Charles Barkley never forgets where he came from
On the basketball court, Charles Barkley was known as an undersized rebounding force, 11-time NBA All-Star, and Hall of Fame player. However, his best move may not have come in the post but post his 16-year playing career where his oversized personality has made him one of the most recognizable sports analysts on TV.
Barkley calls live TV "the most dangerous thing in the world," and his blunt candor is a central part of his brand. When 60 Minutes profiled him for Sunday's broadcast, correspondent Jon Wertheim asked Barkley why people tune in to hear what he has to say.
"I think they know that I'm going to be honest, I'm going to be fair, I don't have a hidden agenda," Barkley said to Wertheim. "[There's] not many people on TV that you can say that about."
The 60 Minutes' team followed Barkley to a taping of "Inside the NBA," where he has worked as a regular studio analyst since 2000. But to get a truer sense of the man, Wertheim also visited Barkley in his hometown of Leeds, Alabama, where he recalled growing up poor.
"We had to pool our money. So I got one pair of shoes [a season], Barkley told Wertheim. "My mom brought them to the game, and right after the game she knocked on the door and took them home. I could only wear them during the season because they had to last me."
One pair of sneakers a season turned into a pair a week when Barkley was drafted into the NBA and Nike came calling.
"I was like, 'This is amazing…Wait, y'all are going to pay me too?'" Barkley recalled with a laugh. "I said, 'This is the greatest job in the world. Y'all are going to give me a pair of sneakers a week and y'all are going to pay me?'"
Despite the sneaker stipend, countless accolades, and sizable paychecks both during and after his playing days, Barkley has never forgotten his roots. At age 60, he's a frequent philanthropist and has donated millions of dollars in support of higher education and college scholarships for Leeds students.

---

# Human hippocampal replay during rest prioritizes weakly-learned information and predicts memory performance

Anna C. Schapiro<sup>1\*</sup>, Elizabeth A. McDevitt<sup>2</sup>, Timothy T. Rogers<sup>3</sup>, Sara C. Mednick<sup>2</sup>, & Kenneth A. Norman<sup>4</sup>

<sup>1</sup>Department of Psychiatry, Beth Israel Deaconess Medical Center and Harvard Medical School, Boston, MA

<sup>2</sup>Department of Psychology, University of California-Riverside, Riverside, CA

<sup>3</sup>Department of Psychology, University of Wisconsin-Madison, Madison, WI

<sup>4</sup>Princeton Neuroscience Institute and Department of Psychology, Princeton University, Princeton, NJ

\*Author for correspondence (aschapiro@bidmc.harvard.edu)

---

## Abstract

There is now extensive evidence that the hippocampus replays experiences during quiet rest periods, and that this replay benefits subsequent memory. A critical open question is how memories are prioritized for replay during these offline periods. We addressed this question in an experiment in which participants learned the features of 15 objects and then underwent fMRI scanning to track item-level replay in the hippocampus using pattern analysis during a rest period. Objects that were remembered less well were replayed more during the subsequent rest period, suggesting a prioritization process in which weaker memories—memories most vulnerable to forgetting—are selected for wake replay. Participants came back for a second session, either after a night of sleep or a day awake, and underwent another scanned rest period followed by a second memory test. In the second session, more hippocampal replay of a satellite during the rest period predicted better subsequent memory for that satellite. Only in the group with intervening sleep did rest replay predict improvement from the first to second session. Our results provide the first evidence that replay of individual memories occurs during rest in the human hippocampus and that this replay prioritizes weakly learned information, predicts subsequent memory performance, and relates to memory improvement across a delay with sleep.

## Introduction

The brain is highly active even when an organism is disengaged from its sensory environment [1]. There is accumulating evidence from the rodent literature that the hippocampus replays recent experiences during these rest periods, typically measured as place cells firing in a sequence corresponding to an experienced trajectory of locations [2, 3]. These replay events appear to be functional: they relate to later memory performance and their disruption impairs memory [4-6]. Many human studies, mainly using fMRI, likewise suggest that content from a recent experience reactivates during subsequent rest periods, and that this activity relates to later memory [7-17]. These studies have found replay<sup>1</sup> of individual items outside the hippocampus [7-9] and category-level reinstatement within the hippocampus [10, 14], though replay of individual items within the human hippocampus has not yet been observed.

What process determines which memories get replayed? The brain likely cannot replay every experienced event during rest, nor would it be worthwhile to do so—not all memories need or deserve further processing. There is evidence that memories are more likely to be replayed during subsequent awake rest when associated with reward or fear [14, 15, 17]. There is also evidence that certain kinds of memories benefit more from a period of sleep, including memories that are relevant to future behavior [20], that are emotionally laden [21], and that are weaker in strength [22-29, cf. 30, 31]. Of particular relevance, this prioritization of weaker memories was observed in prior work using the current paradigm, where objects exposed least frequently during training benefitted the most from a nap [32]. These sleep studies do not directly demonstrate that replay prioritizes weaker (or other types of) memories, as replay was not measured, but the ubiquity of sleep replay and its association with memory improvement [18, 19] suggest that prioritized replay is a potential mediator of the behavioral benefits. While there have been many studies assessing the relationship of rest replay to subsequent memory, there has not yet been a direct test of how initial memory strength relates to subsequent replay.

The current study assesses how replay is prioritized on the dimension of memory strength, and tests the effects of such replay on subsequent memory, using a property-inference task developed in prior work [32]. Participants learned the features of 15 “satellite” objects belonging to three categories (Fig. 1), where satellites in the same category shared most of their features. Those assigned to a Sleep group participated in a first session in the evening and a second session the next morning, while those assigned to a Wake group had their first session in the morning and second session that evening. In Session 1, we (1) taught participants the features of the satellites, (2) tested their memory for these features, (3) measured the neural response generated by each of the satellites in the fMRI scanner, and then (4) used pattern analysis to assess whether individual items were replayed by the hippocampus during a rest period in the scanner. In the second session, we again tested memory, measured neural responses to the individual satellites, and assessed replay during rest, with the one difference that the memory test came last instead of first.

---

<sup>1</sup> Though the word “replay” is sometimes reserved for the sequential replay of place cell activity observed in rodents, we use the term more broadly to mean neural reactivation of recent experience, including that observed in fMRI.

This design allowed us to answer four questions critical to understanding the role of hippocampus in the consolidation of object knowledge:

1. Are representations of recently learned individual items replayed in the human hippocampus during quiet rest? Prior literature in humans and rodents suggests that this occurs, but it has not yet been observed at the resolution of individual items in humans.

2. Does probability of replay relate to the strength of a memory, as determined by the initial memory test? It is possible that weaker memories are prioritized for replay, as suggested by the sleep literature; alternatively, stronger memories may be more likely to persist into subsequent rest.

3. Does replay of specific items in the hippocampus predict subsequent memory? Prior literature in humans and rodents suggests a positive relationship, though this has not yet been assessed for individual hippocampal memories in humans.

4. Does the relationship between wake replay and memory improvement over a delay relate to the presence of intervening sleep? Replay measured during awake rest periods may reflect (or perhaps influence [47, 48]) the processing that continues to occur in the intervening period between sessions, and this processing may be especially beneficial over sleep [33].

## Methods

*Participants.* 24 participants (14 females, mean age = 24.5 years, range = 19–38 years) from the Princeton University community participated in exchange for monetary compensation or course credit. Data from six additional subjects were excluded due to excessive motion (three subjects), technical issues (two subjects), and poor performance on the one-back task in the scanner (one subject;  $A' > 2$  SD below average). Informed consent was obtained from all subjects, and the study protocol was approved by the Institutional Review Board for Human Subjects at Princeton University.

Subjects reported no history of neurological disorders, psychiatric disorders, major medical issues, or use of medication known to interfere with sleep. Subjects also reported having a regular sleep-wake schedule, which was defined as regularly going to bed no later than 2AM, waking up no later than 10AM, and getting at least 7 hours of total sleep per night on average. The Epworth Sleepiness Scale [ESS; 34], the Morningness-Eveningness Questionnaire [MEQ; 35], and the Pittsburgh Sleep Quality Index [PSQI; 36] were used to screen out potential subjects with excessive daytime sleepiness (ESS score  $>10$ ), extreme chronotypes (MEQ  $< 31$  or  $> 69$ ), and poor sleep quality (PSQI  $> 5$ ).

"The way I give money away is, I want to try to help people be successful," Barkley told Wertheim. "Now everybody's not going to be successful. All I can give them is an opportunity to be successful."
Success for Barkley came during his senior year at Leeds High School after a 6-inch growth spurt changed his life.
"His stock on the college basketball market has risen astronomically," Rubin Grant wrote in the Birmingham Post-Herald in 1981. "But just a year-and-a-half ago, brokers would have advised not to buy. Bad risk. Can't bring any dividends.
That was when Charles Barkley was - by his own admission - short and fat at 5 foot, 11 inches, trying to make the Leeds Green Wave varsity team before his junior season. He was too slow to play guard and too short to play forward.
Forty years later, Barkley and his friends from Leeds still gather to relive the tales of yesteryear. With Jon Wertheim joining them on a February afternoon, the group recalled a 1980 high school match-up between Barkley and future University of Alabama star Bobby Lee Hurt.
"That was actually the turning point in my high school career," Barkley said. "We played against the best high school player in the country [Bobby Lee Hurt] in the Minor Christmas Tournament. And at that point, I had never gotten a letter from a major school. This is Christmas of my senior year. It's, like, 'He's too short. He's going to have to go to junior college or a smaller level school.'"
Barkley's friends recalled a packed crowd witnessed his 24 points, 20 rebounds and five blocked shots. Leeds won 74-72 and the doubters became believers. Months later, Barkley committed to Auburn University, where he played three seasons before the Philadelphia 76ers took him in the first round of the 1984 NBA Draft.
Charles Barkley's playing career included an MVP award and a pair of gold medals. His broadcasting career has earned him four Emmys for his work as analyst. But when Jon Wertheim asked Barkley about his successes, he wasn't willing to take all the credit.
"I got picked to be Charles Barkley," the 60-year-old said. "I just got lucky and blessed with a great body. When I'm at a hotel, those people who clean hotels work three times as hard as me and any other jock in the world. We just got the lucky straw. And if you think I'm better or I work harder, you're just stupid."
Barkley shared with Wertheim that he believes the true measure of success comes from the legacies we leave behind.
"There's two things that are important: number one, you want to make your parents proud. And the second thing is, when you die, you don't want them saying, 'I'm glad that SOB's gone,'" Barkley told Wertheim. "I want them to say, 'Man, I'm going to miss Charles.'"
You can watch Jon Wertheim's full profile of Charles Barkley below.
The video at the top was produced by Keith Zubrow and edited by Sarah Shafer Prediger.
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